London - The tragedy of the plane crash that killed Argentine footballer
Emiliano Sala has now entered an ugly aftermath as Premier League club
Cardiff City and French side Nantes threaten to go to court over his £15
million transfer fee.
Sala, who was buried at the
age of 28 in the Argentine village of Progreso on Saturday, never played
a game for Cardiff. The plane carrying the striker and pilot David
Ibbotson came down in the English Channel en route to the Welsh capital
on January 21, two days after he completed his transfer from Nantes.
have so far refused to pay the first instalment of the club record fee,
believed to be £5 million, as they await the results of an Air Accidents
Investigations Bureau (AAIB) probe into the causes of the crash.
Telegraph reported on Sunday that Cardiff believe that if the AAIB find
Ibbotson did not hold the necessary licence to carry passengers on a
commercial basis, then a negligence claim could be launched against
whoever arranged the flight.
That would point the finger at agents Willie and Mark McKay, who were hired by Nantes to secure the transfer.
Willie McKay has accused Cardiff of "trying to throw me under the bus" in an attempt to avoid paying the transfer fee.
to The Times, Willie McKay said his son Mark arranged the fateful
flight carrying Sala and Ibbotson, just as he had organised several
flights for brokers of the deal in the weeks previously, including
Cardiff manager Neil Warnock.
Willie McKay also rejected a
statement from Cardiff chairman Mehmet Dalman that the club were unaware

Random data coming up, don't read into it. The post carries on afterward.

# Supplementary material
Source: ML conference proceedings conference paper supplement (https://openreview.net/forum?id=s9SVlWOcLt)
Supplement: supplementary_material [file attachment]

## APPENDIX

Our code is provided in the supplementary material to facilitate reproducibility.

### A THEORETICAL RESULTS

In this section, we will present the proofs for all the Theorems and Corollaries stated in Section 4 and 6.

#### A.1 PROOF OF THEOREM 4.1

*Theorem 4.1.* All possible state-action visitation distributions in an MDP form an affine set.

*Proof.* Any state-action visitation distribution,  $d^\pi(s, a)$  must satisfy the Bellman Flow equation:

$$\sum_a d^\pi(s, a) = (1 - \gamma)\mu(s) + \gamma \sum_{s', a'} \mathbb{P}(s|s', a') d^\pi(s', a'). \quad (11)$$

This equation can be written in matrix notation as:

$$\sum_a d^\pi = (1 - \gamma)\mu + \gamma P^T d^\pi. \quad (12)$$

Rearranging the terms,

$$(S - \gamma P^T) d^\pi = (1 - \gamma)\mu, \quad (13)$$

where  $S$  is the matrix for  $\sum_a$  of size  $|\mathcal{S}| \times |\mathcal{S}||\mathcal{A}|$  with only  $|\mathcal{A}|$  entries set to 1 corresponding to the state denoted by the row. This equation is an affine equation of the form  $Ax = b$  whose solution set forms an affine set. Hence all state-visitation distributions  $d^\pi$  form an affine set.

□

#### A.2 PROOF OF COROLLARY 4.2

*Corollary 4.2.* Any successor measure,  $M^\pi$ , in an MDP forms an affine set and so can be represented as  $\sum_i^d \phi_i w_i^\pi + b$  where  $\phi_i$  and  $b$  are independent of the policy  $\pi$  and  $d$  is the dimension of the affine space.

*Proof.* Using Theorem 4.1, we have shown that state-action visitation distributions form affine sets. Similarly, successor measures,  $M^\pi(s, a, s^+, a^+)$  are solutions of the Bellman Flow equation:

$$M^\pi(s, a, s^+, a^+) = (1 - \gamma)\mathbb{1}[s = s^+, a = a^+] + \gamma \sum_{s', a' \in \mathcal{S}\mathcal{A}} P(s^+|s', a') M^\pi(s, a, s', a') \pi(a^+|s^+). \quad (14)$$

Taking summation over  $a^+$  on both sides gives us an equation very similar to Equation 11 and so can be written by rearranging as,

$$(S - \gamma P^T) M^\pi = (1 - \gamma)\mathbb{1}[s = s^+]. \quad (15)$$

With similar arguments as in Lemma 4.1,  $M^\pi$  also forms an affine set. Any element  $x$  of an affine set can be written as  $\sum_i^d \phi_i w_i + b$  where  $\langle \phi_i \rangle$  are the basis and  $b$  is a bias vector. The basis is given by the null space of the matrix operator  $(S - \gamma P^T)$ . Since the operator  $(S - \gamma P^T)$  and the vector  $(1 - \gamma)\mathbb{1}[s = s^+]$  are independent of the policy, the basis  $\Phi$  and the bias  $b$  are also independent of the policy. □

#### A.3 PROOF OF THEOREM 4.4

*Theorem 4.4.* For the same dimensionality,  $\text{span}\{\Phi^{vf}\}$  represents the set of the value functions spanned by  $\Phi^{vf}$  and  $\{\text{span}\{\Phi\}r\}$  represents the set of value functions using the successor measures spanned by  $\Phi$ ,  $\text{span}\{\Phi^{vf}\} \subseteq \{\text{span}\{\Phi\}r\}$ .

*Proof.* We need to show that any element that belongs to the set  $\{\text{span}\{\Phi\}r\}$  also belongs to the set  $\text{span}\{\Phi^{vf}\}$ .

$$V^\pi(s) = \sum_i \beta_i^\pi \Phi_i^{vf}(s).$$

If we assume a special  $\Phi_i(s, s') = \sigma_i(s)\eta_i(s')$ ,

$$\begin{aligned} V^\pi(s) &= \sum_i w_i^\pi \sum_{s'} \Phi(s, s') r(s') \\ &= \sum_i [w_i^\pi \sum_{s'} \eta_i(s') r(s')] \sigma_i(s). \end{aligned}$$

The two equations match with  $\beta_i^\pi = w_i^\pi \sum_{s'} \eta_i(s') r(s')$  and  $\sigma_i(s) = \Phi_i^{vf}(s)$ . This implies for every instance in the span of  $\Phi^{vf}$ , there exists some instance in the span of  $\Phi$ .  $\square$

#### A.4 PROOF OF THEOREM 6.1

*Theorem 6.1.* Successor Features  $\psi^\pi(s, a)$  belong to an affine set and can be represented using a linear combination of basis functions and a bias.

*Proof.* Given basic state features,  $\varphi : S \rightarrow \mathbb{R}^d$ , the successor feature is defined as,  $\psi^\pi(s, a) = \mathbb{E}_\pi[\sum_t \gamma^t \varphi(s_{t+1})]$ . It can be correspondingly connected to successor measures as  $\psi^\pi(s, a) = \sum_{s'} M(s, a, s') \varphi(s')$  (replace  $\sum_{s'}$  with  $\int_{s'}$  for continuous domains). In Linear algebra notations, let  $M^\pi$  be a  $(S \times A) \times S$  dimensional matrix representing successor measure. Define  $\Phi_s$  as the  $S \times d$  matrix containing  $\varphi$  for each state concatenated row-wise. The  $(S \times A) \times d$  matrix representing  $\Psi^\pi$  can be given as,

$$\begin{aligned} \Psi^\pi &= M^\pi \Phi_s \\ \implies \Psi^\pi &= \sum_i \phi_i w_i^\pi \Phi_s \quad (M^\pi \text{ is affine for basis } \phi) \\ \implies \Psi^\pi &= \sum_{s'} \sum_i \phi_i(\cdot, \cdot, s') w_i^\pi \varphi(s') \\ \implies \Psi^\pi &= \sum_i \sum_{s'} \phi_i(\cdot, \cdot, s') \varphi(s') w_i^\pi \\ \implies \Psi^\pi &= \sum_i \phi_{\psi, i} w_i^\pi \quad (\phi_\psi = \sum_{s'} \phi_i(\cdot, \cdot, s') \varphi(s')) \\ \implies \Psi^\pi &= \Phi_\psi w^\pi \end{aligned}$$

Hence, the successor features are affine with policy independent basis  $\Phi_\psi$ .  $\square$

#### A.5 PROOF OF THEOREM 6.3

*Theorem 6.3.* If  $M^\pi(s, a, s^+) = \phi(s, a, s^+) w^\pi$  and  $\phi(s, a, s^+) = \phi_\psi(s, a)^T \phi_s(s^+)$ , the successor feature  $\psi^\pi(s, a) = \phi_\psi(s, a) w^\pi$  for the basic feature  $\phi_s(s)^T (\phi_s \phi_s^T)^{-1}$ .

of who made Sala's flight arrangements.
In his published timeline
of events, Willie McKay said: "Emiliano was due to be met by the
Cardiff City player liaison officer who was waiting for him to arrive at
the Signature Flight Support building at Cardiff Airport on Monday
evening (January 21). Cardiff City knew of the flight and who organised
Cardiff have also reportedly questioned Willie
McKay's practice of trying to inflate transfer fees by fabricating
interest in players from clubs.
"It was us who put in the media
about other clubs wanting you - West Ham, Everton etc - to create an
interest in you, that's what we do," Willie McKay wrote in a letter to
Sala that has now been made public.
However, that is a common, if
dubious, practice among football agents and Cardiff's case to use that
as a reason for avoiding any part of the transfer fee is unlikely to be
met with favour should the case proceed to court.
the McKays' work for them ended when Sala's move was completed,
therefore absolving them of any responsibility over the arrangements of
What happens next?
The Guardian reported that Nantes will take their case to FIFA if the 5 million instalment is not paid.
"FIFA has not been contacted on this matter," world football's governing body said when contacted by AFP.
to BBC Wales Sport, both Cardiff and Nantes on Wednesday agreed to a
one-week extension to the deadline, meaning the Bluebirds now have until
February 27 to start paying the fee.
If Cardiff don't pay by
then, a resolution via FIFA's players' status committee or even the
Lausanne-based Court of Arbitration for Sport (CAS) is likely.
are, in my opinion, two possible solutions," sports lawyer Gianpaolo
Monteneri, who was head of FIFA's Players' Status Department from
1997-2005, told the Press Association.
"The first one is that the
parties have established to go to FIFA and, in such a case, the matter
is submitted to the players' status committee in the first instance,
with the possibility of an appeal to CAS.
"But it is also possible that the parties have decided to skip FIFA and go direct to CAS."
Cardiff be found to have failed to comply with their contractual
obligations without due cause, a range of sanctions are on offer to
FIFA, according to Monteneri.
"If certain deadlines, which are
mentioned in the transfer contract, are not met then these may trigger
consequences for the club in question.
"This can be from an admonishment right up to a withdrawal of league points."